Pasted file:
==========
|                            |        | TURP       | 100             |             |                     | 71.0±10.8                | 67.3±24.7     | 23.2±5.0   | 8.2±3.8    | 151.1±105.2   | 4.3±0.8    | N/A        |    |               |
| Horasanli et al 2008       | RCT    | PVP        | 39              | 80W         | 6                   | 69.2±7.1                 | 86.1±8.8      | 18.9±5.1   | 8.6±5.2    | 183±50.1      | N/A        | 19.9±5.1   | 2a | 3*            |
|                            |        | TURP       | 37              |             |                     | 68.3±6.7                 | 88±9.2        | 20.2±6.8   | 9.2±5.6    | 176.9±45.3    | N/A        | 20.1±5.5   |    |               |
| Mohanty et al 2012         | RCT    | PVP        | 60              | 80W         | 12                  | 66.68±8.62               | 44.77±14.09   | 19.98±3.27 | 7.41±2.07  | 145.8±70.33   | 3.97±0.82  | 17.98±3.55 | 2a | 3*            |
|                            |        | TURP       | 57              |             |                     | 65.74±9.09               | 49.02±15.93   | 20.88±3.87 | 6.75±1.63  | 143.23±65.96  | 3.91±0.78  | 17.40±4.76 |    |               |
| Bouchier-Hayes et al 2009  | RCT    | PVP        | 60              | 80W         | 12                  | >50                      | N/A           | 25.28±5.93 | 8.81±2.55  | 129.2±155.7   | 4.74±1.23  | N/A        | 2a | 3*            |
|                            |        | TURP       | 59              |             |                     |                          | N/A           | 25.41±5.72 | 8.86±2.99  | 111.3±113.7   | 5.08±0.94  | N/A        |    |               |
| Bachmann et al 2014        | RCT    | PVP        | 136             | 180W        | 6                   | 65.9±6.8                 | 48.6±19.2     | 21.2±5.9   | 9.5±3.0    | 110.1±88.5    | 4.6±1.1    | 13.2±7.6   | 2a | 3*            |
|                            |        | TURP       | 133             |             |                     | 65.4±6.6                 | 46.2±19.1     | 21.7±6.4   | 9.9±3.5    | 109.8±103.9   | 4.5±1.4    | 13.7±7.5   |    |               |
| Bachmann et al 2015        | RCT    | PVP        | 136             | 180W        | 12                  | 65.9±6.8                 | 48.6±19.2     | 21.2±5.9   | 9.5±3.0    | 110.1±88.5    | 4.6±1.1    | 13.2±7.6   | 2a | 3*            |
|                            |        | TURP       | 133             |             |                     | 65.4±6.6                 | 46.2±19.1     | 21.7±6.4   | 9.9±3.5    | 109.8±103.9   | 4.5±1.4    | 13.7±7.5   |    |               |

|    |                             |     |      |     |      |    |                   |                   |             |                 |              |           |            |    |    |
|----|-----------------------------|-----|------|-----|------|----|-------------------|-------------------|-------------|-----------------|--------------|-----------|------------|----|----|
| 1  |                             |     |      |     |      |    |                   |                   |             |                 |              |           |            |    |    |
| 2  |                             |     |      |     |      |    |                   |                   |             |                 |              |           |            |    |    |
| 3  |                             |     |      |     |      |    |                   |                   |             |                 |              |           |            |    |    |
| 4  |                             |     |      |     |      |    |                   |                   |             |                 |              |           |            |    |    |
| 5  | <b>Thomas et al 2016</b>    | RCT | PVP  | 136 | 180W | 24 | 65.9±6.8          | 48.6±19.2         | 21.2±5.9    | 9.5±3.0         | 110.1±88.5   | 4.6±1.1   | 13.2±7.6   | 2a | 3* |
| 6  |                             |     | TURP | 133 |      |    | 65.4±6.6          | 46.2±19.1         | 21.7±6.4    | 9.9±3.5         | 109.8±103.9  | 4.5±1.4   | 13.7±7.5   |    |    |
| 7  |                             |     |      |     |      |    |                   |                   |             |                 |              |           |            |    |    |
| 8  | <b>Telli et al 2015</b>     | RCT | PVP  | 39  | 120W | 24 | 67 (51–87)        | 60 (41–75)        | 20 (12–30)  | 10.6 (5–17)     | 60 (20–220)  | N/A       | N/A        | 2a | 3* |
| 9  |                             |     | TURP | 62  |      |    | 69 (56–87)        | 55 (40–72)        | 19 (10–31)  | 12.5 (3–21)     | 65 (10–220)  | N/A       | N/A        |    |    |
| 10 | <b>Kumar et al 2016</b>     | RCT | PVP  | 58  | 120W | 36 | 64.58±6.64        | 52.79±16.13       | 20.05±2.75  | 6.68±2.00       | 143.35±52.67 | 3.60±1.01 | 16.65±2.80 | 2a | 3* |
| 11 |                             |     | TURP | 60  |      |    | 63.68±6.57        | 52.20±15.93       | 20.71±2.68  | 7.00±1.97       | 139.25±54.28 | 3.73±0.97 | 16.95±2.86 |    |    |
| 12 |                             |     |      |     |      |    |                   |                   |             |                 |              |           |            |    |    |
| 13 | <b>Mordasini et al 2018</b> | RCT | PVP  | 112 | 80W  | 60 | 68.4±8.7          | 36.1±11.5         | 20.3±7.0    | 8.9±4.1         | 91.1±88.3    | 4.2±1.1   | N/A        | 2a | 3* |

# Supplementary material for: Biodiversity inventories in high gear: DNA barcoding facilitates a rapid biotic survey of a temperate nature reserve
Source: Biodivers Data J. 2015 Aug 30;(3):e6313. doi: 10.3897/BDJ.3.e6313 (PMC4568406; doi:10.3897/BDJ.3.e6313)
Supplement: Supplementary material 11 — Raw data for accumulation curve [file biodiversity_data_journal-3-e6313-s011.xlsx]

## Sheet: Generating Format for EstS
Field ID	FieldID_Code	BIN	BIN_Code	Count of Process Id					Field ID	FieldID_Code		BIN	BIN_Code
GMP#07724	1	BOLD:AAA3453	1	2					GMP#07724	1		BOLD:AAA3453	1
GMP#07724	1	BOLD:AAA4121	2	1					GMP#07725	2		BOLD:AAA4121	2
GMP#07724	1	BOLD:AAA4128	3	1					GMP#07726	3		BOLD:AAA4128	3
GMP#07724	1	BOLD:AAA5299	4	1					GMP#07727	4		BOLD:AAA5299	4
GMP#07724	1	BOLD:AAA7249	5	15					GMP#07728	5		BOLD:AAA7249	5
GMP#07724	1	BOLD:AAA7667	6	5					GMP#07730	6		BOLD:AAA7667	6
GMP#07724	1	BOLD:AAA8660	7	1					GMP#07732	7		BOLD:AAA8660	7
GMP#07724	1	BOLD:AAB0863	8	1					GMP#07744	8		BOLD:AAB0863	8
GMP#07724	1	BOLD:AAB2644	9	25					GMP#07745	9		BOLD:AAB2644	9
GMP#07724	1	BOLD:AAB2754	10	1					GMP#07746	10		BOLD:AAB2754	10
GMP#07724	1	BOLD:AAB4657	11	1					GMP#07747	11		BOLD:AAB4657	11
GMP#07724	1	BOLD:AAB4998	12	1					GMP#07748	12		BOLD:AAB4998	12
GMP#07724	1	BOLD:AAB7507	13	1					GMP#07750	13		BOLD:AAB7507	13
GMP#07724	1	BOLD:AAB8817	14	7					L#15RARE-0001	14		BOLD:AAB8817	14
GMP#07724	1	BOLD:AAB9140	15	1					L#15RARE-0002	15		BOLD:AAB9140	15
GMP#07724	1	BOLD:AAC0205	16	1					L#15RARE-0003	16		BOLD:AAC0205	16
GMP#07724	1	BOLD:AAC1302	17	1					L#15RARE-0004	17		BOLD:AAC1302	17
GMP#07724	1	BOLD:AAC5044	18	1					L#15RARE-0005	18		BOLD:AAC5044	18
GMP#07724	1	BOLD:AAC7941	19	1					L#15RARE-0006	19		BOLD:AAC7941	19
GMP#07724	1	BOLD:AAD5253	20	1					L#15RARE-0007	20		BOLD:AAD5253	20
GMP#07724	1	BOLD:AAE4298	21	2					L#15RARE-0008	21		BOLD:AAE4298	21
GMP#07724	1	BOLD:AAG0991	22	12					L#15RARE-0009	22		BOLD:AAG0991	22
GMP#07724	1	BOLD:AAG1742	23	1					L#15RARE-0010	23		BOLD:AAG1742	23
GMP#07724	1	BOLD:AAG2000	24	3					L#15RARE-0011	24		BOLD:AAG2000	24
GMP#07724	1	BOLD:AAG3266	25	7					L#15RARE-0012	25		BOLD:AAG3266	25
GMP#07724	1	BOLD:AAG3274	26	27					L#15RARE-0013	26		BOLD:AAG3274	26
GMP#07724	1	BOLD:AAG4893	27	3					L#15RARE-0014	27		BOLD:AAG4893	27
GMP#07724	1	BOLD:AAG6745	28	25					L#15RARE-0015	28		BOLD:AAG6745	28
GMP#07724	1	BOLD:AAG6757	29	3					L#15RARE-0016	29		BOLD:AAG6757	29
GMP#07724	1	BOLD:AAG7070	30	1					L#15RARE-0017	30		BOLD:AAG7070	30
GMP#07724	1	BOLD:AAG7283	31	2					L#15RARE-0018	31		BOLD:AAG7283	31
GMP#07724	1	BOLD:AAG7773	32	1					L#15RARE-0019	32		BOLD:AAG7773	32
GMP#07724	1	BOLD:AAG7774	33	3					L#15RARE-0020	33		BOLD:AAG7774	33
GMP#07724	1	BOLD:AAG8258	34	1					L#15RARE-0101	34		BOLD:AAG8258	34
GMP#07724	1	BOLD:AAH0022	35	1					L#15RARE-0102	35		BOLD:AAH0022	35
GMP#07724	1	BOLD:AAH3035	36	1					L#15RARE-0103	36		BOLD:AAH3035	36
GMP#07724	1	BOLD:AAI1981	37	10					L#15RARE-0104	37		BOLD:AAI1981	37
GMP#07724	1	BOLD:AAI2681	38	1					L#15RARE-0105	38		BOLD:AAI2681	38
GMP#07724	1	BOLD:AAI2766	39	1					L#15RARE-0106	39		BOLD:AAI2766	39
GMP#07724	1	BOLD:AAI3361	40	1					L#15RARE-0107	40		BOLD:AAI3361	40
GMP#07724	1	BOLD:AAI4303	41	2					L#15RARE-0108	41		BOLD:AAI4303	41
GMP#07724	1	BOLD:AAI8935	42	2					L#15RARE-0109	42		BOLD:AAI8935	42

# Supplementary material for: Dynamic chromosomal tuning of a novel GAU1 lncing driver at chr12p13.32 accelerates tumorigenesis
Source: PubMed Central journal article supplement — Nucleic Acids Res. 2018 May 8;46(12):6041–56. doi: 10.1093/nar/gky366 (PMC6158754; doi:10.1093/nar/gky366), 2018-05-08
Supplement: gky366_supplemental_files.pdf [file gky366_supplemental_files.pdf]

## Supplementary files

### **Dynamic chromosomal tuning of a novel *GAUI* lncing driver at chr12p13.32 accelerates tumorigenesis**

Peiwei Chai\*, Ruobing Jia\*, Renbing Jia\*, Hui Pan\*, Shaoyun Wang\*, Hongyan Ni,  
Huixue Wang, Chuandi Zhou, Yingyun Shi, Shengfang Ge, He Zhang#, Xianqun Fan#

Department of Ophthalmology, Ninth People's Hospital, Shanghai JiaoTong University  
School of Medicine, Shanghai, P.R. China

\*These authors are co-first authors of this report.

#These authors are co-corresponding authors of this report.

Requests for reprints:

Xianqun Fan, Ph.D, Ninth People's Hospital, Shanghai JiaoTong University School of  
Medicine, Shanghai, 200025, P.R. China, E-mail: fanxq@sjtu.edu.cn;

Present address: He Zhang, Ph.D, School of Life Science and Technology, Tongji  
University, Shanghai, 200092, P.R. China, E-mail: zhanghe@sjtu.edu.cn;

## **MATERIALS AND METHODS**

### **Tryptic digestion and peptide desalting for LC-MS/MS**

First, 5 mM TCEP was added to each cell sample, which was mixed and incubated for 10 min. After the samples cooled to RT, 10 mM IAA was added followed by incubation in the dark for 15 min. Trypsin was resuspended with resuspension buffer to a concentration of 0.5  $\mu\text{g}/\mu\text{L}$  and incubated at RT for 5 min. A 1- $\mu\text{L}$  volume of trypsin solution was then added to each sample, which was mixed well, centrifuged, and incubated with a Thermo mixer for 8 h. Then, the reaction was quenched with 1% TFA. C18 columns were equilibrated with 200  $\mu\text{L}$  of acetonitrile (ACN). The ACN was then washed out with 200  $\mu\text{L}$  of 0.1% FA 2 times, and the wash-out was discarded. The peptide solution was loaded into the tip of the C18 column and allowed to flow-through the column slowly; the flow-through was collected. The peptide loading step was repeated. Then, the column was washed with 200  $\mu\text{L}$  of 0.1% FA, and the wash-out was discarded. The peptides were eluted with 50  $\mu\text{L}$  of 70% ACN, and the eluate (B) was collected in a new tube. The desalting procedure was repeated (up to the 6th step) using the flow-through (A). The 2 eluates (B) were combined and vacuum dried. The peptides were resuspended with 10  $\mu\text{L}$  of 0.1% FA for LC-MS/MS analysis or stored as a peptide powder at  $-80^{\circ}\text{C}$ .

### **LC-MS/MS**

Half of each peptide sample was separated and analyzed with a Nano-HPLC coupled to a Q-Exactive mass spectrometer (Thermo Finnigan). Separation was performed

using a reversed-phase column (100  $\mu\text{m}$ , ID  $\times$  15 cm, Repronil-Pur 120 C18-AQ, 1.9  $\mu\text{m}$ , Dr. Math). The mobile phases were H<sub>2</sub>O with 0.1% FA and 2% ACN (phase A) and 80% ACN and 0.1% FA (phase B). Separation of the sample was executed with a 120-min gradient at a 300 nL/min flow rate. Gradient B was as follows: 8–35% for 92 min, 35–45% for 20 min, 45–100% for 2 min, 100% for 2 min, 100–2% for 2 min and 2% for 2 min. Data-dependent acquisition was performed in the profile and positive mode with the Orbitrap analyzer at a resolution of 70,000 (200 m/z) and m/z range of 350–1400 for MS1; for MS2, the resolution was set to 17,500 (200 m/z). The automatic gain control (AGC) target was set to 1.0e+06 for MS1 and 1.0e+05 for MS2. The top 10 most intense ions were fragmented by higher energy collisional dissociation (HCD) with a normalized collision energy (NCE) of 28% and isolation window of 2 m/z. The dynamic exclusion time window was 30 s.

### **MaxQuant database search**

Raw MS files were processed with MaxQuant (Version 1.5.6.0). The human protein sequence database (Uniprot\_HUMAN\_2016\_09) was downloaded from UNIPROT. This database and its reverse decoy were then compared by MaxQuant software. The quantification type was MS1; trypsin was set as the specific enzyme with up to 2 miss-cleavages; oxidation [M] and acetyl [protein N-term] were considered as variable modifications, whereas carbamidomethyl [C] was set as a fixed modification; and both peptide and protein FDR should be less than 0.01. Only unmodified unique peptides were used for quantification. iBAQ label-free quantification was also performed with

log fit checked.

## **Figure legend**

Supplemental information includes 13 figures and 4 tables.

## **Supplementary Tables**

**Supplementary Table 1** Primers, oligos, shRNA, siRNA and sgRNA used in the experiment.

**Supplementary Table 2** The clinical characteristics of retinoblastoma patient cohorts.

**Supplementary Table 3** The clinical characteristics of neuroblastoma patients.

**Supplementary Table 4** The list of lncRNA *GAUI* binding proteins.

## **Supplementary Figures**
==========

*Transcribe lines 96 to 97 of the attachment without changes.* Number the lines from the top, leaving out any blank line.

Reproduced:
### **MaxQuant database search**

Raw MS files were processed with MaxQuant (Version 1.5.6.0). The human protein sequence database (Uniprot\_HUMAN\_2016\_09) was downloaded from UNIPROT. This database and its reverse decoy were then compared by MaxQuant software. The quantification type was MS1; trypsin was set as the specific enzyme with up to 2 miss-cleavages; oxidation [M] and acetyl [protein N-term] were considered as variable modifications, whereas carbamidomethyl [C] was set as a fixed modification; and both peptide and protein FDR should be less than 0.01. Only unmodified unique peptides were used for quantification. iBAQ label-free quantification was also performed with